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OWASP stands for Open Web Application Security Project, and it is an online community dedicated to web application security. They are well known for their Top 10 Web Application Security Risks and late last year, they added a Top 10 for
Large Language Model (LLM) Applications.
Given that large language models made quite a splash last year, this was not before time. ChatGPT gained a lot of attention (OpenAI also has had DALL-E for generation of images for quite a while now), there are many others with Anthropic Claude and Perplexity also being mentioned more widely.
Figuring out what to do with any of these is not as easy as one might think. For someone more used to working with computer code, using natural language requests is quite a shift when you no longer have documentation that tells what can and what cannot be done. It is little wonder that prompt engineering has emerged as a way to deal with this.
Others have been plugging in LLM capability into chatbots and other applications, so security concerns have come to light, so far, I have not heard anything about a major security incident, but some are thinking already about how to deal with AI-suggested code that other already are using more and more.
Given all that, here is OWASP’s summary of their Top 10 for LLM Applications. This is a subject that is sure to draw more and more interest with the increasing presence of artificial intelligence in our everyday working and no-working lives.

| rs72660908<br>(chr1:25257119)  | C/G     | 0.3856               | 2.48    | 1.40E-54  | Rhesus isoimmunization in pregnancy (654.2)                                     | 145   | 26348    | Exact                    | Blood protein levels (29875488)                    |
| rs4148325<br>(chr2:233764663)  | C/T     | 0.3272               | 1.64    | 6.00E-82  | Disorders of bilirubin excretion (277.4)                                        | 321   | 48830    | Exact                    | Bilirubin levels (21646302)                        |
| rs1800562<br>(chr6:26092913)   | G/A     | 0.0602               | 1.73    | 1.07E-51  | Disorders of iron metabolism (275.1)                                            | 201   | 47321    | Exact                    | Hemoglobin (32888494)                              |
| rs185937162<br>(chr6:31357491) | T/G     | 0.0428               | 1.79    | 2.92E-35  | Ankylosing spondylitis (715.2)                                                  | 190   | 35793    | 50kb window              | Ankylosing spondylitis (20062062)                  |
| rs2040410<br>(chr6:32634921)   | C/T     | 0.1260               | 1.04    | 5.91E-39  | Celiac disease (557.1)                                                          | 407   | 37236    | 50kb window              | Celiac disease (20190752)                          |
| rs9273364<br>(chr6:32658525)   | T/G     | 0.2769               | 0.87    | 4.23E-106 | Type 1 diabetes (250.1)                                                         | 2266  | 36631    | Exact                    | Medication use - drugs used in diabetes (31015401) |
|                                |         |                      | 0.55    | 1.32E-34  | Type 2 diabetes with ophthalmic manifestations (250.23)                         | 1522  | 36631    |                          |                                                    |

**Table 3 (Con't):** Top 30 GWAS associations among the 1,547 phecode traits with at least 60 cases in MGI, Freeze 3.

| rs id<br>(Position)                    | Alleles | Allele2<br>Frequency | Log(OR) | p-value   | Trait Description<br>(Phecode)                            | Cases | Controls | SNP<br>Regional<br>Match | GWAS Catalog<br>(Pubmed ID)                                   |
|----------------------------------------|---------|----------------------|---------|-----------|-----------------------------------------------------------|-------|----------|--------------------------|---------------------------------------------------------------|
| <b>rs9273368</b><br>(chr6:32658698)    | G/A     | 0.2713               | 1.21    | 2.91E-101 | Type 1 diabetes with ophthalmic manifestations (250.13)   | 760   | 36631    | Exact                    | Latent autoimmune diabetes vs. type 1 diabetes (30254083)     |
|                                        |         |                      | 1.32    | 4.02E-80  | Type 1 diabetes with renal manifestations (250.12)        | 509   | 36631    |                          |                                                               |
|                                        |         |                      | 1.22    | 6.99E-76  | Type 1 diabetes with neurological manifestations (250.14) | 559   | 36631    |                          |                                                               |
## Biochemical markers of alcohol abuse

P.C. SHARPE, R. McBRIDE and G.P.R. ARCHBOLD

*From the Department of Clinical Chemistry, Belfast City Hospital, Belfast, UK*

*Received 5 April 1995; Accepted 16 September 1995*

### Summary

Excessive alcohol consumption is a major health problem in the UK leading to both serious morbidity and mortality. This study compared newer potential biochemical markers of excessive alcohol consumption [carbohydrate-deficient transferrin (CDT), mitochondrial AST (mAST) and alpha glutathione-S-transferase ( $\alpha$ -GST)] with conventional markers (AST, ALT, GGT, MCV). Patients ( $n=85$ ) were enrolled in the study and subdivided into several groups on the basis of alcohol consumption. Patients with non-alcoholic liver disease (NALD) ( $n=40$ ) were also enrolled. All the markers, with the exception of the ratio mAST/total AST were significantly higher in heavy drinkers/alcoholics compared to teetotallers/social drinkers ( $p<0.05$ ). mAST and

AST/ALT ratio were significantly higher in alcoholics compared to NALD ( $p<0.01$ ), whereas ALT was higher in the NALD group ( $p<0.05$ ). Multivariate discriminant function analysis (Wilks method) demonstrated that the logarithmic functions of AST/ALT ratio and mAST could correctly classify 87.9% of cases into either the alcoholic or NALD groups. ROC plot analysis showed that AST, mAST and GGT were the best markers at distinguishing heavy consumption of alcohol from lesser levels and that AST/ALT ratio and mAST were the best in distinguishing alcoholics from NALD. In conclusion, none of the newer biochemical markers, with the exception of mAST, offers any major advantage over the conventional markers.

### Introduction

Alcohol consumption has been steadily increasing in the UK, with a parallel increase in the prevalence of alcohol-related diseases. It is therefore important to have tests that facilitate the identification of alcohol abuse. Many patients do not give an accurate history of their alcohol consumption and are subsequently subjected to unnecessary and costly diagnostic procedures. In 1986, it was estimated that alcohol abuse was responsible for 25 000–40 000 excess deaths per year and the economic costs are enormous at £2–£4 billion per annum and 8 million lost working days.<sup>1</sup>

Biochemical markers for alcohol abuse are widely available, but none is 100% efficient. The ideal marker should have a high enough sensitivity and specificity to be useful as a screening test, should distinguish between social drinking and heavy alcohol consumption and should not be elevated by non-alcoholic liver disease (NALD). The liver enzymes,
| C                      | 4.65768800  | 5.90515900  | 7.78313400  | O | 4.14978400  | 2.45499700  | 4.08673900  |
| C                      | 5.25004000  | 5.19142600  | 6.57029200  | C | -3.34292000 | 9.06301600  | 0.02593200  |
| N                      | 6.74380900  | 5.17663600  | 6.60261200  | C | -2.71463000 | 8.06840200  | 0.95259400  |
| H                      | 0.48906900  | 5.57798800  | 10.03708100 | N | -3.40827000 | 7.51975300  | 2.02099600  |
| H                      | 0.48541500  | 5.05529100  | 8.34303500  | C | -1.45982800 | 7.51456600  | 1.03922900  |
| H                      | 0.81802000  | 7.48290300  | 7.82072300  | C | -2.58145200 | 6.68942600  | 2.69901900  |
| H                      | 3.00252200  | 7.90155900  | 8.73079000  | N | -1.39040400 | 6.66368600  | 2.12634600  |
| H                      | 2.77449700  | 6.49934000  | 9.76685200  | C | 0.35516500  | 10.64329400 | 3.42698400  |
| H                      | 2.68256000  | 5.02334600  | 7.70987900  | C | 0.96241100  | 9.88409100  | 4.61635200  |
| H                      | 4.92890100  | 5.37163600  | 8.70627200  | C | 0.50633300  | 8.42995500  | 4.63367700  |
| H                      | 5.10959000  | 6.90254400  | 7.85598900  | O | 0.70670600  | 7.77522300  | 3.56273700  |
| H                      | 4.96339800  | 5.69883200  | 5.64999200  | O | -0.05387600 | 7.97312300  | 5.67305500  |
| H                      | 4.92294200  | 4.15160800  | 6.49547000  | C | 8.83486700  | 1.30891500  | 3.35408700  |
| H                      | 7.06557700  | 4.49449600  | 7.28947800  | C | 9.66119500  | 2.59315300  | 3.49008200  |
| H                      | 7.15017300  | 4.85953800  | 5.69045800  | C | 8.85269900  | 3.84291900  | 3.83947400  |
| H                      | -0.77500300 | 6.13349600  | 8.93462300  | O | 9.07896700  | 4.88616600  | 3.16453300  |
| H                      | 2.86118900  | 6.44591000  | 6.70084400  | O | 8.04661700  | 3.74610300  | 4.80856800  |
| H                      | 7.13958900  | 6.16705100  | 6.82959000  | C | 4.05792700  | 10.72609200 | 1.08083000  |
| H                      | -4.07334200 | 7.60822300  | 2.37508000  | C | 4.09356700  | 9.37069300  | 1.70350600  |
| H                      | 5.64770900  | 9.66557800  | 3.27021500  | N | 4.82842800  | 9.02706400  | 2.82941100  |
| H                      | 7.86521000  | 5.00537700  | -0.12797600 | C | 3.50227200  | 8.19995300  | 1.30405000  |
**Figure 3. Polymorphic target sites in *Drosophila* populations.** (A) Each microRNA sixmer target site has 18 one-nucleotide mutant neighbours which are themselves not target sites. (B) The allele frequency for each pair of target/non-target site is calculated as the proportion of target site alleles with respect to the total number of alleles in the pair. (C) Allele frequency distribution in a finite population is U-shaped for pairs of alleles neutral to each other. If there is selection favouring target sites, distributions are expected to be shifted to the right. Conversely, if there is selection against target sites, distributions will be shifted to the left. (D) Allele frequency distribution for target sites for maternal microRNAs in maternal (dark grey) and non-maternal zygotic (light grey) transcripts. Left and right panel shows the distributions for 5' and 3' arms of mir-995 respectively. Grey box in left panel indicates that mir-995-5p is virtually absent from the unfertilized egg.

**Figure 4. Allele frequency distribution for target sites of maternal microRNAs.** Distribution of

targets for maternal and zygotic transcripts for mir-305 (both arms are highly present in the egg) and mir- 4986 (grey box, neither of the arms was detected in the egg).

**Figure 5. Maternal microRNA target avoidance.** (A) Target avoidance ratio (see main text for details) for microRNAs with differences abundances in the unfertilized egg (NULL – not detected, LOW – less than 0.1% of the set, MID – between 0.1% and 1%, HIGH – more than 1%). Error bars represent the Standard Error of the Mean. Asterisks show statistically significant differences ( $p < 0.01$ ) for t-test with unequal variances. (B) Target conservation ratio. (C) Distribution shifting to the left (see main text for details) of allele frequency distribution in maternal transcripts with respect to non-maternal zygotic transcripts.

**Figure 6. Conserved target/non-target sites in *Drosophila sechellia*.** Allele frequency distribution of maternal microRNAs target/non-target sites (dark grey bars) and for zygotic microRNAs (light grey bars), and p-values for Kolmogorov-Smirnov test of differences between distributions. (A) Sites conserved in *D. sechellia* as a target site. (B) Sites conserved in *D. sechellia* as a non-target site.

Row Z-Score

LLM01: Prompt Injection
This manipulates an LLM through crafty inputs, causing unintended actions by the LLM. Direct injections overwrite system prompts, while indirect ones manipulate inputs from external sources.
LLM02: Insecure Output Handling
This vulnerability occurs when an LLM output is accepted without scrutiny, exposing backend systems. Misuse may lead to severe consequences such as Cross-Site Scripting (XSS), Cross-Site Request Forgery (CSRF), Server-Side Request Forgery (SSRF), privilege escalation, or remote code execution.
LLM03: Training Data Poisoning
This occurs when LLM training data is tampered, introducing vulnerabilities or biases that compromise security, effectiveness, or ethical behaviour. Sources include Common Crawl, WebText, OpenWebText and books.
LLM04: Model Denial of Service
Attackers cause resource-heavy operations on LLMs, leading to service degradation or high costs. The vulnerability is magnified due to the resource-intensive nature of LLMs and the unpredictability of user inputs.
LLM05: Supply Chain Vulnerabilities
LLM application lifecycle can be compromised by vulnerable components or services, leading to security attacks. Using third-party datasets, pre-trained models, and plugins can add vulnerabilities.
LLM06: Sensitive Information Disclosure
LLMs may inadvertently reveal confidential data in its responses, leading to unauthorized data access, privacy violations, and security breaches. It’s crucial to implement data sanitization and strict user policies to mitigate this.
LLM07: Insecure Plugin Design
LLM plugins can have insecure inputs and insufficient access control. This lack of application control makes them easier to exploit and can result in consequences such as remote code execution.
LLM08: Excessive Agency
LLM-based systems may undertake actions leading to unintended consequences. The issue arises from excessive functionality, permissions, or autonomy granted to the LLM-based systems.
Systems or people overly depending on LLMs without oversight may face misinformation, miscommunication, legal issues, and security vulnerabilities due to incorrect or inappropriate content generated by LLMs.
LLM10: Model Theft
This involves unauthorized access, copying, or exfiltration of proprietary LLM models. The impact includes economic losses, compromised competitive advantage, and potential access to sensitive information.